The U.S. has neglected its infrastructure. Spending in this area has to increase... Walter Industries will benefit from infrastructure spending... Walter is extremely cheap on a sum-of-the-parts basis, and unlike many companies in that position, it has a new CEO who is doing something about it. The company has little Street coverage, always a plus.
Walter has two main divisions. Mueller Water Products produces infrastructure and flow-control products for water- and gas-distribution networks and waste-water facilities. Jim Walter Resources has 20 years of proven reserves of high-quality metallurgical coal, or met coal. It also produces natural gas. The company also has a home-building and finance unit, for which it may be best known.
Mueller, acquired in October from DLJ's leveraged-buyout group, has become a powerhouse in the water-infrastructure market. Walter is planning an IPO of Mueller, and later will spin off the remaining shares. Mueller is one of the three largest manufacturers of ductile iron pipe, preferred by most municipalities. It also makes valves, hydrants and fittings considered the Cadillac of the industry. The prospects for the business are fantastic for one reason: Water pipe installed in the U.S. over the past 100 years is beginning to fail. A large portion of America's water pipes and valves will need to be replaced in the next 25 years.
Barron's: Bad for taxpayers, good for Mueller.
Witmer: Mueller had pro forma Ebitda [earnings before interest, taxes, depreciation and amortization] of about $285 million last year. Assuming 8% growth and $50 million of cost savings, Ebitda could grow to $390 million in 2007, which would equate to after-tax free cash flow of $2.58 a share. This segment is growing, and should sell for 15 to 18 times free cash flow, and trade for $38 to $46 a share.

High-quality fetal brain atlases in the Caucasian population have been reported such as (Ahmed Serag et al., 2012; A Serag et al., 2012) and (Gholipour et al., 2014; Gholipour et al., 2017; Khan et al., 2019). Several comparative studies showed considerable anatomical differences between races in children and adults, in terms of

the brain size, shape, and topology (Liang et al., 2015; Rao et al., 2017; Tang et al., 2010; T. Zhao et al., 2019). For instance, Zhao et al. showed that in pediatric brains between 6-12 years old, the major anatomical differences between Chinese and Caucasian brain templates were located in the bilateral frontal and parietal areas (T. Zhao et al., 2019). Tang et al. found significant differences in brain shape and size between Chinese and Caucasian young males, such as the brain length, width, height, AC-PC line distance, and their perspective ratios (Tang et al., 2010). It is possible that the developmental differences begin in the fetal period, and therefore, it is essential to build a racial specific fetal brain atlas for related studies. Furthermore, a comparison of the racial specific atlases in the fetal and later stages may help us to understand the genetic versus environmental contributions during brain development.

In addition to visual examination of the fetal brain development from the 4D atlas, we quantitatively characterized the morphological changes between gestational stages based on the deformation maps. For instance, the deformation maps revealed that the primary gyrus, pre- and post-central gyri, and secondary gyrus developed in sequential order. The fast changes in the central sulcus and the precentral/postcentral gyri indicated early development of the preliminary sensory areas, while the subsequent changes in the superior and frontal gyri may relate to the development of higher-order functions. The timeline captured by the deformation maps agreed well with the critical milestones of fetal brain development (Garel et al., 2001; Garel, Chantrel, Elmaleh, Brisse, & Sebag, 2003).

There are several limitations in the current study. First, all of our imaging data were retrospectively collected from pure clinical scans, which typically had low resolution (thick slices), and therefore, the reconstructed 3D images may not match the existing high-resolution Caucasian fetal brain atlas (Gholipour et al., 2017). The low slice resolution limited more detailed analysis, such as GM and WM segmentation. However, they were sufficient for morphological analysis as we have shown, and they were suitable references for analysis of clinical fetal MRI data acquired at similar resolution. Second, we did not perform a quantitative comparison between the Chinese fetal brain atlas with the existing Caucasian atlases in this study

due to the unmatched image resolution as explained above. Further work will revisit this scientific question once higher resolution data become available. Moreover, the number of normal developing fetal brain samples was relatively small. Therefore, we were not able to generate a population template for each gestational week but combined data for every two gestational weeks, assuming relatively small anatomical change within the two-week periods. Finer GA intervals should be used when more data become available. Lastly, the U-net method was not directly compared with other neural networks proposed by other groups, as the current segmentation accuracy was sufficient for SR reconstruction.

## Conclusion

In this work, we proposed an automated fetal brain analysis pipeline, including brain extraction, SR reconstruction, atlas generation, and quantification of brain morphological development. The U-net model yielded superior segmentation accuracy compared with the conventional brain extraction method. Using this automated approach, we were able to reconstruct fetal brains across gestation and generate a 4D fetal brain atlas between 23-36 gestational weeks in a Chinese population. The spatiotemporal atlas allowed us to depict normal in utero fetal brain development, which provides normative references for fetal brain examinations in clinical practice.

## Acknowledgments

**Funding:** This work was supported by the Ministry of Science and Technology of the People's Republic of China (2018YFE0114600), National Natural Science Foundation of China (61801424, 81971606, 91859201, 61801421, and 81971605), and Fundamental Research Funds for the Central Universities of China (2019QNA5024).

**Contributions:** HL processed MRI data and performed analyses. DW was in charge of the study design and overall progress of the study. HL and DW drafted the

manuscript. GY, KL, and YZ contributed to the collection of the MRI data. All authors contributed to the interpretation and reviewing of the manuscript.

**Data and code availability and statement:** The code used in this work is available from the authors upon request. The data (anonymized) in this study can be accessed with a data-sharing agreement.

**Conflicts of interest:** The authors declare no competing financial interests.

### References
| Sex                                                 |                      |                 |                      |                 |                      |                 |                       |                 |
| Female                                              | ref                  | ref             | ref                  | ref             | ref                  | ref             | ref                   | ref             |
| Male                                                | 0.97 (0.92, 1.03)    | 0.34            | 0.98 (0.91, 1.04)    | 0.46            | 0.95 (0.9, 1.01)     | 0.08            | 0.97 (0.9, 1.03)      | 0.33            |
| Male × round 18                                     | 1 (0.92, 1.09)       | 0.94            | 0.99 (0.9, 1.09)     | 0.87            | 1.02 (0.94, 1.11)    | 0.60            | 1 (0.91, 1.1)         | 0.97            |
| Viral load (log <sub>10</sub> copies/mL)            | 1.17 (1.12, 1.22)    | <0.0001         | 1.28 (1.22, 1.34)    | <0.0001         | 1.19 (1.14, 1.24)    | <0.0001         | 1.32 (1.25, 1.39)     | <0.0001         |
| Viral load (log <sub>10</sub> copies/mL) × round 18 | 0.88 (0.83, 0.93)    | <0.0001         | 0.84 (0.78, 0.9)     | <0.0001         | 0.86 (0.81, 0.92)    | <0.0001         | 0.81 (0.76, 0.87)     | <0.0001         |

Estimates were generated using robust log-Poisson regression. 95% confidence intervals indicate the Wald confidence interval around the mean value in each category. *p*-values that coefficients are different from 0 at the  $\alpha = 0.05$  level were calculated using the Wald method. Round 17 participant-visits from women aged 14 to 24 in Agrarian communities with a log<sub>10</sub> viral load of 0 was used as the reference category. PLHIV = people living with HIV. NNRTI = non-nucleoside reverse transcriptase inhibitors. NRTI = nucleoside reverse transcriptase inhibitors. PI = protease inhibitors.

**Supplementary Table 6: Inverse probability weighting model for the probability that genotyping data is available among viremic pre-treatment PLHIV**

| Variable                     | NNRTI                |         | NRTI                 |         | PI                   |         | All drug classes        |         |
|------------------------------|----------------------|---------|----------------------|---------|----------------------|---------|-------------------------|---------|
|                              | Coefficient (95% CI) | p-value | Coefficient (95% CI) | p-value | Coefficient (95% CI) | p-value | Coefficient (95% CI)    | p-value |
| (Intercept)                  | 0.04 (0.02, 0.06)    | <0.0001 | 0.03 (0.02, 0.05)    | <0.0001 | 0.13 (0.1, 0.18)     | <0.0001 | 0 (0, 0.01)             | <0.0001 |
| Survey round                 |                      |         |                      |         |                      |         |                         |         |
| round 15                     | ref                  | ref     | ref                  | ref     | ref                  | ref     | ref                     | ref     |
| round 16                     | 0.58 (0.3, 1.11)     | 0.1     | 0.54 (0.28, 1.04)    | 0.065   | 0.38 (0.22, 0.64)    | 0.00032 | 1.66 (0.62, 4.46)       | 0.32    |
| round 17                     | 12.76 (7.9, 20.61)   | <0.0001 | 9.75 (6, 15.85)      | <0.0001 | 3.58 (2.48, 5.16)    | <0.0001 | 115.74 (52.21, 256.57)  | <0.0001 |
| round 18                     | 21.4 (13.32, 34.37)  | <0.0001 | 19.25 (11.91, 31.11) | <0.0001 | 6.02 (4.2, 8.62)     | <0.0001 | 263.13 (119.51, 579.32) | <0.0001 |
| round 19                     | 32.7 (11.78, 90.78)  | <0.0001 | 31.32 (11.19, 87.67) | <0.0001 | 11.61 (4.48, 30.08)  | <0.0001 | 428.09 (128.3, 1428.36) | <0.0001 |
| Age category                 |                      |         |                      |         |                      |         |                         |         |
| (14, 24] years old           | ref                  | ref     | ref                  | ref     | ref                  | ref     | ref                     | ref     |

Walter's natural-resources segment next year should produce at least seven million tons of high quality met coal and eight billion cubic feet of natural gas. Met coal is an irreplaceable ingredient in the steel-making process. Walter's sulfur content is less than 1%, making it worth $30 a ton more than typical steam coal at today's prices for S02 [sulfur dioxide] emission credits. As world steel markets develop, demand should rise.
Barron's: What is the going price?
Witmer: Walter has contracted all of its coal through June '06 for about $107 a ton. While this price may not be sustained indefinitely, prices will remain firm. Using $70 per ton for coal and $8 per mmBTU for natural gas, we get "normalized" earnings of $2.50 a share. Based on current coal and gas prices -- $100 for coal, $10 for gas -- the segment would earn $5.50. Others are trading for about 14 times projected '06 earnings. We value Walter's coal segment at $35 per share, at least. The other segments are worth $2 to $3 a share. In all, Walter Industries should trade for $75 to $85 per share.
WLT 1-yr chart: